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Journaling the journey: why you should keep a running diary

There are many benefits to keeping a training journal rather than just a data log

Photo by: Roxanna Marion

The idea of tracking our running in a training log is not new concept, but putting pen to paper to journal your thoughts and feelings about the run may be even more beneficial than simple digital tracking. Many coaches encourage their clients to do this for the many benefits journaling provides. 

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Photo: YouTube/Tony Xie

Beyond the running data, such as time, distance, pace and heart rate (which your watch tracks automatically, assuming you use one), you could include how you felt emotionally during the run, any physical aches or pains or sleep issues you may be experiencing, your route, the weather, what you wore, as well as any successes or disappointments specific to that run – all things your running watch can’t tell you. Jane Armstrong, an Ottawa-based online running and multisport coach with more than 35 years’ experience, has kept a paper running journal throughout her athletic life. “Writing about my running in a positive manner is empowering,” she says, adding that the practice helps her get through tough times outside of running. Armstrong also asks her coaching clients to write down how they felt mentally and physically, because, as she says, “metrics alone don’t tell the full story.”

Just as journaling may reveal otherwise hidden sources of stress that may be impacting your performance, it also might signal subtle improvements. “It can be easy to overlook signs of progress or patterns in performance, when we are mainly focusing on metrics,” says Sarah Royer, a registered psychotherapist (qualifying) for the Sport Medicine Clinic at Ottawa’s Carleton University. In Royer’s view, “journaling can provide an opportunity to acknowledge successes, the places where we are feeling stuck, and be a grounding experience that reconnects us with our goals.”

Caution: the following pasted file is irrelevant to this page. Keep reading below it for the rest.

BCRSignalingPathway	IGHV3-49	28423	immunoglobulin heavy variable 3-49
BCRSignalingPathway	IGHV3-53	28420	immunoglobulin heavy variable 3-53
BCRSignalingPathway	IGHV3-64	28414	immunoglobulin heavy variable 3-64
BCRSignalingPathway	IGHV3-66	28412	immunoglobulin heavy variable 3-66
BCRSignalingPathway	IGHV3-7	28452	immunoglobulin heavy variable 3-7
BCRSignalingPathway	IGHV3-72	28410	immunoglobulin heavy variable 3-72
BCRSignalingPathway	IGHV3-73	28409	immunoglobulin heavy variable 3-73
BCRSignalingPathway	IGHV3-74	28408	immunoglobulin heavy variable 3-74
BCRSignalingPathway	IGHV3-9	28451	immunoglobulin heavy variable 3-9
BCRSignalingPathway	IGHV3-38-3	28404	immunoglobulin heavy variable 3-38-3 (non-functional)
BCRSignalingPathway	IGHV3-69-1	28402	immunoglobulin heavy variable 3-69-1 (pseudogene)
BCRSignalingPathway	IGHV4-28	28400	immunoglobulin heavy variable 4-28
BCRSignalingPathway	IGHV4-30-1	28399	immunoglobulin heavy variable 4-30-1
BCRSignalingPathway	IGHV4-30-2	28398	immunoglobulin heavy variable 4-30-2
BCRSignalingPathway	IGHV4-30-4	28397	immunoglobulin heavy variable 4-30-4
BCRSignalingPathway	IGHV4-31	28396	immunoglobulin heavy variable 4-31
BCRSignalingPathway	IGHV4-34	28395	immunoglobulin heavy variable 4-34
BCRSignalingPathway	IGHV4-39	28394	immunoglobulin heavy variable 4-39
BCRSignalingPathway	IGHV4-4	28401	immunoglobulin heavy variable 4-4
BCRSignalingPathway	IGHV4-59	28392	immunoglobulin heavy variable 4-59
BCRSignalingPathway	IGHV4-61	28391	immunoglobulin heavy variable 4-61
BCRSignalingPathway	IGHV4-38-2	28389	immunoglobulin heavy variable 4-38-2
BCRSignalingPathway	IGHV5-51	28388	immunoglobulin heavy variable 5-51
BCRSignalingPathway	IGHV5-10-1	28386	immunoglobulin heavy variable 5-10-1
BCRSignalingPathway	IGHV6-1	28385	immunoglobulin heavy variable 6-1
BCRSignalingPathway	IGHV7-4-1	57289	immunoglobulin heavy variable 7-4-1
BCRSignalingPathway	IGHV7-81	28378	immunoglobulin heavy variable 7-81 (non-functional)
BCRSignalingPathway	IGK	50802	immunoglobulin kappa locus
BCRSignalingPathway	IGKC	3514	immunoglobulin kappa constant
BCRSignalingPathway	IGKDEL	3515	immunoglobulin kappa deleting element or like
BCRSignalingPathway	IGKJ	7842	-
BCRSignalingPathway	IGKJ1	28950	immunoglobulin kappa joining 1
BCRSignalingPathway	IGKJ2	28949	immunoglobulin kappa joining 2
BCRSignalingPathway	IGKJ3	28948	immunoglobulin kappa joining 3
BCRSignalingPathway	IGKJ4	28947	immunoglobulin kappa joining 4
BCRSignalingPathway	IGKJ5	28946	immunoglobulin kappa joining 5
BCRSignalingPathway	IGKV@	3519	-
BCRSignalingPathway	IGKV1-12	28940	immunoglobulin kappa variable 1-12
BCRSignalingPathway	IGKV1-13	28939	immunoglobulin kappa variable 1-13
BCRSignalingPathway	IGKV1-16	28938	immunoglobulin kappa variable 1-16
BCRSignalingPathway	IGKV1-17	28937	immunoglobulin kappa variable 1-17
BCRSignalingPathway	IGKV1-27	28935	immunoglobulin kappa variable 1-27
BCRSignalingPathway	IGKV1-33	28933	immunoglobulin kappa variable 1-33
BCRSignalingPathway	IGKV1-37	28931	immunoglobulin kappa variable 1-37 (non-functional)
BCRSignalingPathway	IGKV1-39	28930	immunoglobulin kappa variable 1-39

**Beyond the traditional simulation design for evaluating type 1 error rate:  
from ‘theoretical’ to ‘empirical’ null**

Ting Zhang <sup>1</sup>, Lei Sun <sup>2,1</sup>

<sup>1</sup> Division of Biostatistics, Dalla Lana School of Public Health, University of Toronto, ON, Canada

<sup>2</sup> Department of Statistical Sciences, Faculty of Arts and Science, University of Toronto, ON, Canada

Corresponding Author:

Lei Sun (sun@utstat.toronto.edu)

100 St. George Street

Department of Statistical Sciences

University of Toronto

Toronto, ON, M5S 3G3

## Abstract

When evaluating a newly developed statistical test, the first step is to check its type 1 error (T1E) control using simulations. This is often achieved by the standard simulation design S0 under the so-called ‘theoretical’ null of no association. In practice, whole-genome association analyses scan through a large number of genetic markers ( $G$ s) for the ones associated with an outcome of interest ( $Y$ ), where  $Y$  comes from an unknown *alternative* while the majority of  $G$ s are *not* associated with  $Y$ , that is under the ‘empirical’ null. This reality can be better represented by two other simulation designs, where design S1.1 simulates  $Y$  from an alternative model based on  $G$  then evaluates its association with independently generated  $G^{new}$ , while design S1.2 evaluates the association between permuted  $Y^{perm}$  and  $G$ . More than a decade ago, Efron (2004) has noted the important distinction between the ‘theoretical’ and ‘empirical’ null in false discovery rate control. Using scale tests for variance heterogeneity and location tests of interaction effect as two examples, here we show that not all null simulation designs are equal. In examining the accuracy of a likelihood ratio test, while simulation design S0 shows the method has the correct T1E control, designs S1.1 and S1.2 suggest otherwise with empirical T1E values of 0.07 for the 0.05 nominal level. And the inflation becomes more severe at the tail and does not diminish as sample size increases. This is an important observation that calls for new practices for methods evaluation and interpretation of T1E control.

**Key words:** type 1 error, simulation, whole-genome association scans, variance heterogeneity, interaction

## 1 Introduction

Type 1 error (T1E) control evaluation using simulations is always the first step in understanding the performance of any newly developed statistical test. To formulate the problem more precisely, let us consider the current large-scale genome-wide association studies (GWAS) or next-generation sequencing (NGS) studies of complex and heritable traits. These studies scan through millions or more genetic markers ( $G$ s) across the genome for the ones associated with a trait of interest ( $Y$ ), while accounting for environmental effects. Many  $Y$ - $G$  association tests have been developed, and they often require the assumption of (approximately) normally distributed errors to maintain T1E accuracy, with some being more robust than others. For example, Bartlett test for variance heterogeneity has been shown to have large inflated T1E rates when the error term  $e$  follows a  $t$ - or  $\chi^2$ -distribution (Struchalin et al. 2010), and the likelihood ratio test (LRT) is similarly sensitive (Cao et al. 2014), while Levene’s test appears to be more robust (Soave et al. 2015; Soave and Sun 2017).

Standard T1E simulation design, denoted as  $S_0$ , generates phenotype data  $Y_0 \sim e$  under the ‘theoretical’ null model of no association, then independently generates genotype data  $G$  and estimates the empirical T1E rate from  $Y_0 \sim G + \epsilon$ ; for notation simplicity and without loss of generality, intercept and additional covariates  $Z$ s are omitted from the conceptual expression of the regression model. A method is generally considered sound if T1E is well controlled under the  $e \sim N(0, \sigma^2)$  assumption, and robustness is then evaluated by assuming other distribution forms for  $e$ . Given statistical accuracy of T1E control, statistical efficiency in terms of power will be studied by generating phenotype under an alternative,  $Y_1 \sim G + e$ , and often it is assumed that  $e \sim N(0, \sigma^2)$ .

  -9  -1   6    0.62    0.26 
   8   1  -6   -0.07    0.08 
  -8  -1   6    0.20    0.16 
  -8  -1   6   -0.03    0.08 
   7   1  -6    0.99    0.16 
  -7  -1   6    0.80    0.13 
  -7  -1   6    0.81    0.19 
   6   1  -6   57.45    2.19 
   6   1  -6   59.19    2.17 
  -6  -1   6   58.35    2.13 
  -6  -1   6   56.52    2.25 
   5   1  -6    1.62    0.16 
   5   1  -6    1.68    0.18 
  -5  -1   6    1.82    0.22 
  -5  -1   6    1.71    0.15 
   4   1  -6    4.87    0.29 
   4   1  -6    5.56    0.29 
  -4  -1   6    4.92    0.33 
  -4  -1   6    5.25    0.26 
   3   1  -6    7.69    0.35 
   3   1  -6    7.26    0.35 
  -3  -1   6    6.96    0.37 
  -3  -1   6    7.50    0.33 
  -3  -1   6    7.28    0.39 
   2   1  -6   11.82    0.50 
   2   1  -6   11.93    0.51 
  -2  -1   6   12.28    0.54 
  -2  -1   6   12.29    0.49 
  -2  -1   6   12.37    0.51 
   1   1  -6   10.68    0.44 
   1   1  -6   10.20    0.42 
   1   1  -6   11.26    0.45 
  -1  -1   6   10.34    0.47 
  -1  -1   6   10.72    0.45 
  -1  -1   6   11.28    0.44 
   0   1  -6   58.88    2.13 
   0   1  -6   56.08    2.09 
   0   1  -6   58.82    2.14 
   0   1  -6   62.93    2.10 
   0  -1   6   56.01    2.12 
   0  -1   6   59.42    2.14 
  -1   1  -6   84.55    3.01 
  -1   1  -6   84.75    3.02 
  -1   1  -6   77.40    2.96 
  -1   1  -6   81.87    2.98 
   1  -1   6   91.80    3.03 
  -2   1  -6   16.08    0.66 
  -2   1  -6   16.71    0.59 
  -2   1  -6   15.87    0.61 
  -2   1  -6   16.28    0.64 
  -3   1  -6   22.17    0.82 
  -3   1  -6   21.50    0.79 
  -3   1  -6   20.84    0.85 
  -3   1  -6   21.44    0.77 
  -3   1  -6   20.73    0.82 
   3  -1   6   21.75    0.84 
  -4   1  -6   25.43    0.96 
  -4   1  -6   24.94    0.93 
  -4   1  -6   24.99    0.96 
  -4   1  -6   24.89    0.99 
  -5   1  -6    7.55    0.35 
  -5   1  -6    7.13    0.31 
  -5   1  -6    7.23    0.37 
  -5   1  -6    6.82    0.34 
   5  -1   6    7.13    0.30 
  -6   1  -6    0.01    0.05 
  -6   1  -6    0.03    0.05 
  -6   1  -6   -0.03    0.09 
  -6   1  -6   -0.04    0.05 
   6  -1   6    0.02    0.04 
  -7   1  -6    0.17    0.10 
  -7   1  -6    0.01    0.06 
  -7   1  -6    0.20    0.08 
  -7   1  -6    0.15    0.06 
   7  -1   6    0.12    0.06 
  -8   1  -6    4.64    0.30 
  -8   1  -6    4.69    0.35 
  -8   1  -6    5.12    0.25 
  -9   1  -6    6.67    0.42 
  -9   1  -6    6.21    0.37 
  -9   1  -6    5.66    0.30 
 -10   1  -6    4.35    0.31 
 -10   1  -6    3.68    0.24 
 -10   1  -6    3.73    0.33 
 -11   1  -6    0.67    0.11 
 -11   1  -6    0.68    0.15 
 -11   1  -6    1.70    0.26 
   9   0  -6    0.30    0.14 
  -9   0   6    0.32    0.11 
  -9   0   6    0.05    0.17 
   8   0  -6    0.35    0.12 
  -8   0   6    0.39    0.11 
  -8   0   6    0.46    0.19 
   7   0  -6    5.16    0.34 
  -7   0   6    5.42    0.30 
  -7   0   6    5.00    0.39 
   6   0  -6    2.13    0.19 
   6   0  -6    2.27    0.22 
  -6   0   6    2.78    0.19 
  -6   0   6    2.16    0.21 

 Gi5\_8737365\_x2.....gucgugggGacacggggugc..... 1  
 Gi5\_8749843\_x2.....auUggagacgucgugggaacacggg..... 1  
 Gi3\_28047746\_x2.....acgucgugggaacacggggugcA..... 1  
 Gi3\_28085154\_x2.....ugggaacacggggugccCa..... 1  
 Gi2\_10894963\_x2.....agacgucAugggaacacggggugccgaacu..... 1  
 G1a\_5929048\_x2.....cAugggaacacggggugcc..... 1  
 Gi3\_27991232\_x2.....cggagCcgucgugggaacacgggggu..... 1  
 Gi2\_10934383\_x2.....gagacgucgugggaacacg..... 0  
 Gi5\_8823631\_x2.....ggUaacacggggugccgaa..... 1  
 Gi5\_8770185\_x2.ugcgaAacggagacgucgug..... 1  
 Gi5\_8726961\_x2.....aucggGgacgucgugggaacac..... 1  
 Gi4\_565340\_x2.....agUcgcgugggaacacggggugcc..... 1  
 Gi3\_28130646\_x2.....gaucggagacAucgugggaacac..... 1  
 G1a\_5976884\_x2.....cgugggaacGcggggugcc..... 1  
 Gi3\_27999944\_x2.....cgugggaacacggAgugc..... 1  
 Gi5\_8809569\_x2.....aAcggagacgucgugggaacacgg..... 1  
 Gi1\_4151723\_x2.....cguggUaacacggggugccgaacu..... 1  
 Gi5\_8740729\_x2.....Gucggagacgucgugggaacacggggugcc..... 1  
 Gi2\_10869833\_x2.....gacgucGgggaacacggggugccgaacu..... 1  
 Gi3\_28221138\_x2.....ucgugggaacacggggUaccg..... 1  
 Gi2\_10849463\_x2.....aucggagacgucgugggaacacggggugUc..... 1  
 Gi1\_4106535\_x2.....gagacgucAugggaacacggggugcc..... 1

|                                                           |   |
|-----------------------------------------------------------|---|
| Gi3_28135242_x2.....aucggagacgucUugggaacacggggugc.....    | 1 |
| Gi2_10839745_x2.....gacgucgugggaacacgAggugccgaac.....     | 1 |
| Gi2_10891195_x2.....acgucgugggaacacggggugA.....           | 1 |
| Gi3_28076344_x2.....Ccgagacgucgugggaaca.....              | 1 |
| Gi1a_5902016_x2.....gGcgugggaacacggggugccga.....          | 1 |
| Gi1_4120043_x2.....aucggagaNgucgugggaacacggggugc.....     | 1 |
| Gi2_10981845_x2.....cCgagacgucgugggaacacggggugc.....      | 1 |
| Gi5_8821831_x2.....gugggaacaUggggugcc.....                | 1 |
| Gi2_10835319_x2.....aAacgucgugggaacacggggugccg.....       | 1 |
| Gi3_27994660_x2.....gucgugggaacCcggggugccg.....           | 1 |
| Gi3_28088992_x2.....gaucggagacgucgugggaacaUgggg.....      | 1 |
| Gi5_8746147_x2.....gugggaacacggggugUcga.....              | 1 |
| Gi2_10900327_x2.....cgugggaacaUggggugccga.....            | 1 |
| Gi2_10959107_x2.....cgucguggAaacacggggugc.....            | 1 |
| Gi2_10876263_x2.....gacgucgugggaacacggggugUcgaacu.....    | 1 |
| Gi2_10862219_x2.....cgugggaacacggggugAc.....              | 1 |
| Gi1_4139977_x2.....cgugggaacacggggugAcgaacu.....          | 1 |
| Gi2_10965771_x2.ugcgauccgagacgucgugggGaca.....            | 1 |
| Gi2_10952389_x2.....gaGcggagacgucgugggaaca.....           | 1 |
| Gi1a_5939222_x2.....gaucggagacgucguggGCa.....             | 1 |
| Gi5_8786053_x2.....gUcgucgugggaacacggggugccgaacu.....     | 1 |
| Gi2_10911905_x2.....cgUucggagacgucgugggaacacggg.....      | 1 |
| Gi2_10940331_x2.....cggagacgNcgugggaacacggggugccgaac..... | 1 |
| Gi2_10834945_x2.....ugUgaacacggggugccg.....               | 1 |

Journaling may lead to emotional benefits such as greater self-awareness, which can, in turn, benefit your training. Documenting your feelings can help reduce stress and worry. Just like a good run, journaling can help clear your mind. 

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Kimberley Dawson, professor of sport psychology at Laurier University and owner of Mind2Achieve Consulting, says the journaling habit can help athletes train their for the mental side of running. She asks athletes to identify and record two key factors in their journal after each workout: “The first is two things that went really well – this could be a physical factor (e.g, a good kick) or mental strength (e.g., managing their fatigue or maintaining focus). This helps to train the brain to build confidence, rather than concentrating on the negative aspects of training, which the brain tends to do if not given a purposeful task. The second is to identify two specific things that they will continue to work on in the next training session. Again, these items can be physical (e.g., better pace) or mental (e.g., staying present in the session). Identifying these two elements contributes to deliberate and meaningful practice that is based on error correction from one session to the next.”

Reading through your past experiences provides a boost in memory, inspiration to keep going and focus to follow through with goals. Following your progress can give you a shot of pride in your accomplishments, and can be an amazing tool for motivation and self-confidence. 

Roxanna Marion lives in Ottawa with her husband and children and their awesome Jack Russell terrier, Chewie. She is a recreational runner and a believer in pursuing goals, no matter how big or small.